Gun stores & other essential businesses will be open during stay-at-home order

JACKSONVILLE, Fla. – Right after the clock strikes midnight on Friday morning, all non-essential businesses in Florida will have to close by order the governor.

Gov. Ron DeSantis issued a stay-at-home order requiring everyone to shelter in place, apart from certain essential activities.

When it comes to essential businesses, we know the obvious ones like public health, public safety, grocery stores will be open. But did you know places like gun stores, gas stations, liquor stores and law offices will stay open as well?

RELATED: What is considered an essential business?

Pawn shops will stay open too, as they’re considered financial institutions. Michael Slayton is the manager at Jax Jewelry and Pawn on Cassat Avenue.

“We are licensed by the state, federally insured to do loans, and also the gun shop aspect as well,” Slayton said. “A lot of our customers don’t have credit or banks, so we’re trying to help them through times of need as well as the banks”

As Slayton mentioned, his shop is part gun store. Nationwide, gun stores have seen surges in sales during the pandemic.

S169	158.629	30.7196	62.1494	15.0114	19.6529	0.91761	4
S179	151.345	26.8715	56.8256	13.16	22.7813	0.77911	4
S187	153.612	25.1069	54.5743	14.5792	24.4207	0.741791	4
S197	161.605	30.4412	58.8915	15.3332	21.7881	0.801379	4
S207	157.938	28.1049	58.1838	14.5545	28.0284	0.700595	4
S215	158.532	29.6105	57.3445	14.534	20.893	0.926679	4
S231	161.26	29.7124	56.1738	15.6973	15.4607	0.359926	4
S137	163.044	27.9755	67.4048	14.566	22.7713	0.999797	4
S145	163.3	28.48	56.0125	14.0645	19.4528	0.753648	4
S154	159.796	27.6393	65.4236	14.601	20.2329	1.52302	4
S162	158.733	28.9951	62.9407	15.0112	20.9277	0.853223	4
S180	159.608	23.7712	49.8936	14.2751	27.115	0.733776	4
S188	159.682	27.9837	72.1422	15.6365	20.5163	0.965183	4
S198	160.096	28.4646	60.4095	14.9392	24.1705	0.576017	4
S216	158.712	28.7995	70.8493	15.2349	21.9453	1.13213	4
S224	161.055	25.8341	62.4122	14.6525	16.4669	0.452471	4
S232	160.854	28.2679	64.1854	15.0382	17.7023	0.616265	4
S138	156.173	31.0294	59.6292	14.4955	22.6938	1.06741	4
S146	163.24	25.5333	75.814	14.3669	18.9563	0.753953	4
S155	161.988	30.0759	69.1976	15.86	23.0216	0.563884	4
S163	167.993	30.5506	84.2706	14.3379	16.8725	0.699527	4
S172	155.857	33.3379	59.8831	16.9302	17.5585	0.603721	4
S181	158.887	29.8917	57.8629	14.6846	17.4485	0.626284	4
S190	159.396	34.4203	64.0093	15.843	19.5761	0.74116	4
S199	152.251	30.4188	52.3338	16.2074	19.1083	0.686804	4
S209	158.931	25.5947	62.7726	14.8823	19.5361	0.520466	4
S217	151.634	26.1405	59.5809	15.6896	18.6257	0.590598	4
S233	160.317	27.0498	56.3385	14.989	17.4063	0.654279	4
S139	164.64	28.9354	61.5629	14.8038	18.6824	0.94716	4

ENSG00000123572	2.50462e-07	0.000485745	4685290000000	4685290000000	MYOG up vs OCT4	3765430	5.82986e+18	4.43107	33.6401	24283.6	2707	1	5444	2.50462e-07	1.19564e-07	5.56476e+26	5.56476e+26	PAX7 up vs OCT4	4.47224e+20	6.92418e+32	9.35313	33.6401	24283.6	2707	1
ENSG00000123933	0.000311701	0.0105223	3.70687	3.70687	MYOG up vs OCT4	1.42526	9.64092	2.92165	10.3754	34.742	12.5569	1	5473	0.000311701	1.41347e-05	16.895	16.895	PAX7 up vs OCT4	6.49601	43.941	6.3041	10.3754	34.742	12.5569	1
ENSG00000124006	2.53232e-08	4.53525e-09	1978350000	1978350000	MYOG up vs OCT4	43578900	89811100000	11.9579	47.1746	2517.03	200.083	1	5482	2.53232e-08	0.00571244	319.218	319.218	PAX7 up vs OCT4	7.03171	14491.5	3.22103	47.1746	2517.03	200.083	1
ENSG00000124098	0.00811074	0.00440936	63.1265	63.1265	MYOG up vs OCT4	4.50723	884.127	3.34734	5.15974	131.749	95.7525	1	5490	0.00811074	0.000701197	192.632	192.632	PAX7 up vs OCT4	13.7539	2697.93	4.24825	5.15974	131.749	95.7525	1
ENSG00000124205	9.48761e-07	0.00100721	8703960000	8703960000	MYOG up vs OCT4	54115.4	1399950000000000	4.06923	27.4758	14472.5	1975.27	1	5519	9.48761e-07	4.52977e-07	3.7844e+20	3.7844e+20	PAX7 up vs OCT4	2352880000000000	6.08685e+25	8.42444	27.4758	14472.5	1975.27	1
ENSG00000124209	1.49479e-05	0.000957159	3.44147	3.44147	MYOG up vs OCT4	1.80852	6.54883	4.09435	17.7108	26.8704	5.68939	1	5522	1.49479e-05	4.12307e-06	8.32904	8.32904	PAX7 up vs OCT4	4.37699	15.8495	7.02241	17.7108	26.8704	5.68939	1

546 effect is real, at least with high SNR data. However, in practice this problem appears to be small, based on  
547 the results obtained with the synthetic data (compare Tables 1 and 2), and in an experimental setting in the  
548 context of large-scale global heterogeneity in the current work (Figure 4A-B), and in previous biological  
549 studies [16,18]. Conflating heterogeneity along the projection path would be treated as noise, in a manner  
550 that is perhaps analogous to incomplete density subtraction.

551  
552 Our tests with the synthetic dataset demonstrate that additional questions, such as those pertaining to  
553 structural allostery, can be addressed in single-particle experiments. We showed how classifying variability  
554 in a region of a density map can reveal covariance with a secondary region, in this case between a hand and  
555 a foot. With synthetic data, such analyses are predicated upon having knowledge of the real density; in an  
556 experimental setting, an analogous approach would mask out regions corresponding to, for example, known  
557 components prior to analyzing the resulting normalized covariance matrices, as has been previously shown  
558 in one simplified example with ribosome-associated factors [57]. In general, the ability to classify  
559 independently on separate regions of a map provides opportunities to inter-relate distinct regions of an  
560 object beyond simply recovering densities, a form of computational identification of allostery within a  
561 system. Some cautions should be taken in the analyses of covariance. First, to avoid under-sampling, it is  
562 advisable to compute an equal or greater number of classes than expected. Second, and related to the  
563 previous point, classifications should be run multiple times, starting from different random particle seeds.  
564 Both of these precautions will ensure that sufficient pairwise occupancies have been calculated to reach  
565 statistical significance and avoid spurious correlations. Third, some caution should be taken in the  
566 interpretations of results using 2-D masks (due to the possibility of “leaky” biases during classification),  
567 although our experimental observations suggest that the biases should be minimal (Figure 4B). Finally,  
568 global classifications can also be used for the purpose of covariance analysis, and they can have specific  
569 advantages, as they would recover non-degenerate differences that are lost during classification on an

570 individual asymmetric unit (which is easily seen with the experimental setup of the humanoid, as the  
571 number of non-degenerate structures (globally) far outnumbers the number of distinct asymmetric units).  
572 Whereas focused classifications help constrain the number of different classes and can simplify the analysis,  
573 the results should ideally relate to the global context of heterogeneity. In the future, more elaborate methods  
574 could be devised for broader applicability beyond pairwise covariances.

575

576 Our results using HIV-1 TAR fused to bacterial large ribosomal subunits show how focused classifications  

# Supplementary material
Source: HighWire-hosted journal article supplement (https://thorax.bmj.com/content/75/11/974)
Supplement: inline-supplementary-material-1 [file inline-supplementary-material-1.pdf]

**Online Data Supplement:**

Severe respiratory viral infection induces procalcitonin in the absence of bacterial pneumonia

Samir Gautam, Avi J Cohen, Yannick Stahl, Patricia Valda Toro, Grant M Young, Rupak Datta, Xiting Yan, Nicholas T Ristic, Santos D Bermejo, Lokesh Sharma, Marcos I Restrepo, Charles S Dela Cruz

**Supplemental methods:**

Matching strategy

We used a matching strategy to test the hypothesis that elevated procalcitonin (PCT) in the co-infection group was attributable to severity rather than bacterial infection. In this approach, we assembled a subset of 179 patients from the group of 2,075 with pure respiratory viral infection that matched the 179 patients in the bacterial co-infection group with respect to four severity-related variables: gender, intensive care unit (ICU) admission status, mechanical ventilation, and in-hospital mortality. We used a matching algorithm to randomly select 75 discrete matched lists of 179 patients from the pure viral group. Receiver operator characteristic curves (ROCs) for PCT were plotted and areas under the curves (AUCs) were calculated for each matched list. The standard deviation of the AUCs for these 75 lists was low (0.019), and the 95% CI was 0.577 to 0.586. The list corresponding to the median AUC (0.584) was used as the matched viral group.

“We’ve seen a substantial increase,” he said.

RELATED: Can I go to church? And answers to your questions about essential services

News4Jax has gotten a lot of callers asking if moving companies are essential. Yes. Residents are allowed to move, and moving companies are allowed to operate.

Ronnie Williams, the owner of Bud Moving Company, said he knows these times are hard for many, and he wasn’t sure if he too would have to close up.

“As soon as I heard about the stay at home order, I didn’t know whether I was essential or not,” Williams said.

He called the city’s help hotline, and said within minutes got an email back clarifying.

Foreclosure sales and evictions are on hold, but Williams said some people may still need to leave or relocate.

St. Johns Flower Market & other businesses will close

St. Johns Flower Market has sat nestled in Avondale for more than 25 years. On Thursday, it closed its doors for the rest of the month as flower shops are not considered essential businesses.

Markus Thiesen said the business has been in the family since 1993. On Thursday, he took over as the store’s owner.

“Our first order of business was shutting the business down, which is pretty nerve-racking,” he said. “We’ve been thinking about this for quite some time and thankfully it hasn’t disrupted our plans too much with what we want to do going forward.”

The store’s shelves had been cleared of the tulips, roses and daisies that are normally there. He and his employees spent the final day selling as much as they could.

His shop sees a lot of vehicle and foot traffic and Thiesen is grateful for how many people stopped by Thursday.

“We had a really good day. We sold everything, we sold out of absolutely everything,” he said.

Thiesen said some of the rest of his staff will try to find temporary work until the shop can reopen.

It’s a long month ahead, but like his flowers — and with a little love and support, he knows his shop will bloom again.

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